These properties are described by an equation of state (EOS), which together with the Oppenheimer-Volkov equations allows one to calculate models of the interior structure of neutron stars (see, e.g., Shapiro & Teukolsky 1983). Since neutron stars can be considered to be zero-temperature objects these models form a one-parameter sequence in which mass, M, and radius, R, depend only on the central density. For a given equation of state one thus has a unique mass-radius relation. Extensive calculations of neutron star models have been made by Arnett & Bowers (1977) and Datta (1988); for a detailed discussion I refer to the contribution of N. Glendenning to this Volume.

Equations of state can be conveniently distinguished by the compressibility of the neutron star matter; for very “stiff” and very “soft” EOS one finds that neutron stars have radii of ∼ 15 km, and ∼ 8 km, respectively (see Fig. 10). Also, the maximum possible neutron star mass depends on the EOS; it is ∼ 1.5 M$_\odot\!$ for very soft EOS, and up to ∼ 2.5 M$_\odot\!$ for the stiffest EOS.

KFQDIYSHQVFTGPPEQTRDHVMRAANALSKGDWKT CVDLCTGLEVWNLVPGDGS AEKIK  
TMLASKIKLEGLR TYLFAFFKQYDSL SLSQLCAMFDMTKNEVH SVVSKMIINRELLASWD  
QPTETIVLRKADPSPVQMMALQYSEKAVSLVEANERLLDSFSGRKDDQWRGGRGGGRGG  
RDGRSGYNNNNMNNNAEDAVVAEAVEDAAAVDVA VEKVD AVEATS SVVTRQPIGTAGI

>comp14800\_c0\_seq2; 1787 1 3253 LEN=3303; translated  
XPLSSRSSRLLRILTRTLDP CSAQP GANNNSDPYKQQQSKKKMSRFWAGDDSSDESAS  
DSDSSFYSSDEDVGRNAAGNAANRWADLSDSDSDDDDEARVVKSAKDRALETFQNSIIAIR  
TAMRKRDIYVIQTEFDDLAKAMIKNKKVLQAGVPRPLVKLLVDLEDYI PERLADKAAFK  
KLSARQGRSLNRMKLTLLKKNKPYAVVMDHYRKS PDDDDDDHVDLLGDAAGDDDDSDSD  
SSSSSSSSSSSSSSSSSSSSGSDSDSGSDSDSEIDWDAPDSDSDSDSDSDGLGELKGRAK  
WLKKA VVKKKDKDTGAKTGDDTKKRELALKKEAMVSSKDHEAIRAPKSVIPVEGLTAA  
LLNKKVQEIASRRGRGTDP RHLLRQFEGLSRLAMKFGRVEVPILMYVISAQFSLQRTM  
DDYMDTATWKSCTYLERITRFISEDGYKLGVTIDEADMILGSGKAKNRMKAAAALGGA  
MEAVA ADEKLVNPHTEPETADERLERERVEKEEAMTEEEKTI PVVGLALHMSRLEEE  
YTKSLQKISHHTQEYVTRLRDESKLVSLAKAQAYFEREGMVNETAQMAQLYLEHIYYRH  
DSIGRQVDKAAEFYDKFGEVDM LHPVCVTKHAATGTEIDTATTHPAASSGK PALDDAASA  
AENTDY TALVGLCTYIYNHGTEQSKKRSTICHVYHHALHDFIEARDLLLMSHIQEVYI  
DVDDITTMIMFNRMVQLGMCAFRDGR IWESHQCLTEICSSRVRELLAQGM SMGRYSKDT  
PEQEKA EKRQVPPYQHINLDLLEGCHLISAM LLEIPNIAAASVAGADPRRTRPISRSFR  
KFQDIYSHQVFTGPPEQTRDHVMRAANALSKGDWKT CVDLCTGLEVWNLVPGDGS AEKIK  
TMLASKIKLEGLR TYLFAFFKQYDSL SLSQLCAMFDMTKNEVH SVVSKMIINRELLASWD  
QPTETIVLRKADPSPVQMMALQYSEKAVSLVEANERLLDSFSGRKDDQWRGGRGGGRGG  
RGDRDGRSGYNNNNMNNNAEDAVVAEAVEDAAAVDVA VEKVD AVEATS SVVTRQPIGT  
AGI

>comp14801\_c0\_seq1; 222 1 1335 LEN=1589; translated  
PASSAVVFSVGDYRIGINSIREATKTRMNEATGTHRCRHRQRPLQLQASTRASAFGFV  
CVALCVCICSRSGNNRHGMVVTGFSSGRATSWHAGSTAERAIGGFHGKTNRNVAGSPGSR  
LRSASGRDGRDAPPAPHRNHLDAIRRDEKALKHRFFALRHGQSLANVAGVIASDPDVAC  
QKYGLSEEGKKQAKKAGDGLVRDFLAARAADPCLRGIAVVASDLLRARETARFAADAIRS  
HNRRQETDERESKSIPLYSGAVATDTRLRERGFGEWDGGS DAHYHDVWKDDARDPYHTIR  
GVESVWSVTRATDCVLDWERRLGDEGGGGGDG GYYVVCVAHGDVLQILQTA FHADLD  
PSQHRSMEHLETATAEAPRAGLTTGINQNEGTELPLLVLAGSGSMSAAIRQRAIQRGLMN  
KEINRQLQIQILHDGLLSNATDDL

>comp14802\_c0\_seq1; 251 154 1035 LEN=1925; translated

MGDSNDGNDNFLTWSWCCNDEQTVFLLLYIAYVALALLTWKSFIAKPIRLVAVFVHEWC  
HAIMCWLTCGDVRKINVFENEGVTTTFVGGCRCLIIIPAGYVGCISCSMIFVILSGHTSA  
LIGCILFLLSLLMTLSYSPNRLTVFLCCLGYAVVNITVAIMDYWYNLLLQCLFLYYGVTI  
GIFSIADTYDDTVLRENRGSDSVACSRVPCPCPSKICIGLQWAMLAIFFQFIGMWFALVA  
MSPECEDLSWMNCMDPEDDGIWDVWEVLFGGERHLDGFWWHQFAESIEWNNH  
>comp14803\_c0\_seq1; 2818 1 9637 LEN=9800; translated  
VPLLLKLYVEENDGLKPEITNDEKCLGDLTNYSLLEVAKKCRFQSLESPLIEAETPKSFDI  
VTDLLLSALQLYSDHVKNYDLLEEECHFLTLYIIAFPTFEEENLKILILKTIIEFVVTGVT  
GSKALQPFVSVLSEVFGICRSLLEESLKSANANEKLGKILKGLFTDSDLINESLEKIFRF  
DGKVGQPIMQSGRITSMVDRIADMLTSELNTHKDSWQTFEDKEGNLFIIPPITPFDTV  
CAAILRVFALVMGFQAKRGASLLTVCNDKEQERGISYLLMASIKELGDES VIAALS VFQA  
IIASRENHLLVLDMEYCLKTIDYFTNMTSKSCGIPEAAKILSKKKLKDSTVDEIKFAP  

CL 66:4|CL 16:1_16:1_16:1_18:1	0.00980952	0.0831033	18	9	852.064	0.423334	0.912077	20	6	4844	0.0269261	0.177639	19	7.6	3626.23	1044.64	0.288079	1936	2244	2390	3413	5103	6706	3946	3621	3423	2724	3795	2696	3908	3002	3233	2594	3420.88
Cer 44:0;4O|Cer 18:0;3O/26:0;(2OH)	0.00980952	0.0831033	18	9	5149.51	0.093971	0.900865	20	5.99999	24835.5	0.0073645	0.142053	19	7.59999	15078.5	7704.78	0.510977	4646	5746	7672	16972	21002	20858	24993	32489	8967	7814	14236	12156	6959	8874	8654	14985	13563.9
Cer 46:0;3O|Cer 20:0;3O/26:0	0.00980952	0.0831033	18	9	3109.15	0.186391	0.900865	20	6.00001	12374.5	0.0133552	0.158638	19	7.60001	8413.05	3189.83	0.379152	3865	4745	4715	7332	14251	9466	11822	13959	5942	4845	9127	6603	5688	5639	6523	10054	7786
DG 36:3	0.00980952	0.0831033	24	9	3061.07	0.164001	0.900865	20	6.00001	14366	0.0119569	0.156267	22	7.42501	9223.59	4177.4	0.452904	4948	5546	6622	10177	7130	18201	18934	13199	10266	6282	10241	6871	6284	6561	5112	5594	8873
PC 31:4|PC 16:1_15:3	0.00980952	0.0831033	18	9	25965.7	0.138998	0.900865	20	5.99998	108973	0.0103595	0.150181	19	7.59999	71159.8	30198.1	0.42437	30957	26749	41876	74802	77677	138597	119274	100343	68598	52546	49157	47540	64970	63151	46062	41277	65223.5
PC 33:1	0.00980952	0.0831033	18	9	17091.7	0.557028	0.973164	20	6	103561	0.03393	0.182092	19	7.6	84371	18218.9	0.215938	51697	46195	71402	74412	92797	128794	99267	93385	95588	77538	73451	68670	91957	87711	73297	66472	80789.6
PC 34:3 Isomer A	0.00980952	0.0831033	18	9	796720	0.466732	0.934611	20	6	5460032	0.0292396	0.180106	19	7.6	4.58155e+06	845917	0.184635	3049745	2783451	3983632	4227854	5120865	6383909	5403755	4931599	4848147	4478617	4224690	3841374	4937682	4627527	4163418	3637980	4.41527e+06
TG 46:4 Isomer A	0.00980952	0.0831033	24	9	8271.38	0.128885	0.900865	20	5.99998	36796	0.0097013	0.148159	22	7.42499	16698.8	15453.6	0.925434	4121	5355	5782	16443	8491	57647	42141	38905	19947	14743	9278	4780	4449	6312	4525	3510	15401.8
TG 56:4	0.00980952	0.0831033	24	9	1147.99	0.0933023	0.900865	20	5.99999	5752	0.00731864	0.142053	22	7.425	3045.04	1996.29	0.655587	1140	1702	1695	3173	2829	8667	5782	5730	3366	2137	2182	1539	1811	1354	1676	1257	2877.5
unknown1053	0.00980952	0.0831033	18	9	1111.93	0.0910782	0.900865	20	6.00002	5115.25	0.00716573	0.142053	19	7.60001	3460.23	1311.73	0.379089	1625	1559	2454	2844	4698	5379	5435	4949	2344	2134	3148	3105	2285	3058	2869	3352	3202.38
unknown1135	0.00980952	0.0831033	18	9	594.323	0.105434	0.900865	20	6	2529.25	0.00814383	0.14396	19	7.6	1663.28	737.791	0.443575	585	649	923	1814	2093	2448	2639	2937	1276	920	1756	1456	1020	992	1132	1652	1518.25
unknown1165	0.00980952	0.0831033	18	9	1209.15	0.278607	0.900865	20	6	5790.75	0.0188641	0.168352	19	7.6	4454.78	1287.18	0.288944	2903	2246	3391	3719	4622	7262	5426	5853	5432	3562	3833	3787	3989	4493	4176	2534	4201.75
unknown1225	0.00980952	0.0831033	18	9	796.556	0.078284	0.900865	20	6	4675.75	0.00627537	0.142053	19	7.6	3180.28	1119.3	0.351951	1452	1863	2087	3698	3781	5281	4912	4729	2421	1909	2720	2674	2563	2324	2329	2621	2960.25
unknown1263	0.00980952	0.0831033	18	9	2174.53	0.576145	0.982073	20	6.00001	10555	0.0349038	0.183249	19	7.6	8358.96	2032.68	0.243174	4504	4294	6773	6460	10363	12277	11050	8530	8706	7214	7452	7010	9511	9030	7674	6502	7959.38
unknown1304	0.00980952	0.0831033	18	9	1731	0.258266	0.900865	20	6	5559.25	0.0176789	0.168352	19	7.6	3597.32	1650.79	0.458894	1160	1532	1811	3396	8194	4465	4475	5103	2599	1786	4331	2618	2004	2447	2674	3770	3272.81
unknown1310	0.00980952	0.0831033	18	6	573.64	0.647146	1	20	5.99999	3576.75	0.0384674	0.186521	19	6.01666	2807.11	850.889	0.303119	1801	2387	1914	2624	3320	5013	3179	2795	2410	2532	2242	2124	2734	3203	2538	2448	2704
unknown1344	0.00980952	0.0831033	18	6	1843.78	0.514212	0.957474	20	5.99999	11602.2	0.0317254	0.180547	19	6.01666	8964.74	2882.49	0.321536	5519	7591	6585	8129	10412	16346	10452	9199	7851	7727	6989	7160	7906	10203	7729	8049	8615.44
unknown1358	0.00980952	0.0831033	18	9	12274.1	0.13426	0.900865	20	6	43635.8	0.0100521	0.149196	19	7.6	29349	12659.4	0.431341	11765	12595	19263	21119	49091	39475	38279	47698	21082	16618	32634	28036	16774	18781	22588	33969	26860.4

As will be discussed in more detail below, most neutron star masses are consistent with a value close to 1.4 M$_\odot$. From Fig. 10 it appears that at this value masses do not allow one to draw conclusions about the stiffness of the EOS of neutron star matter. For that, one would need observed masses in excess of 1.6 M$_\odot$, which would exclude the softest EOS (note that stiff equations of state are not excluded by low neutron star masses). Similarly, measurements of the gravitational redshift, $z$, at the neutron star surface alone are not a sensitive EOS discriminant, since both stiff and soft equations of state allow $M/R$ ratios up to ∼ 0.2 M$_\odot km^{-1}$ (see Fig. 10), corresponding to redshifts up to ∼ 0.6.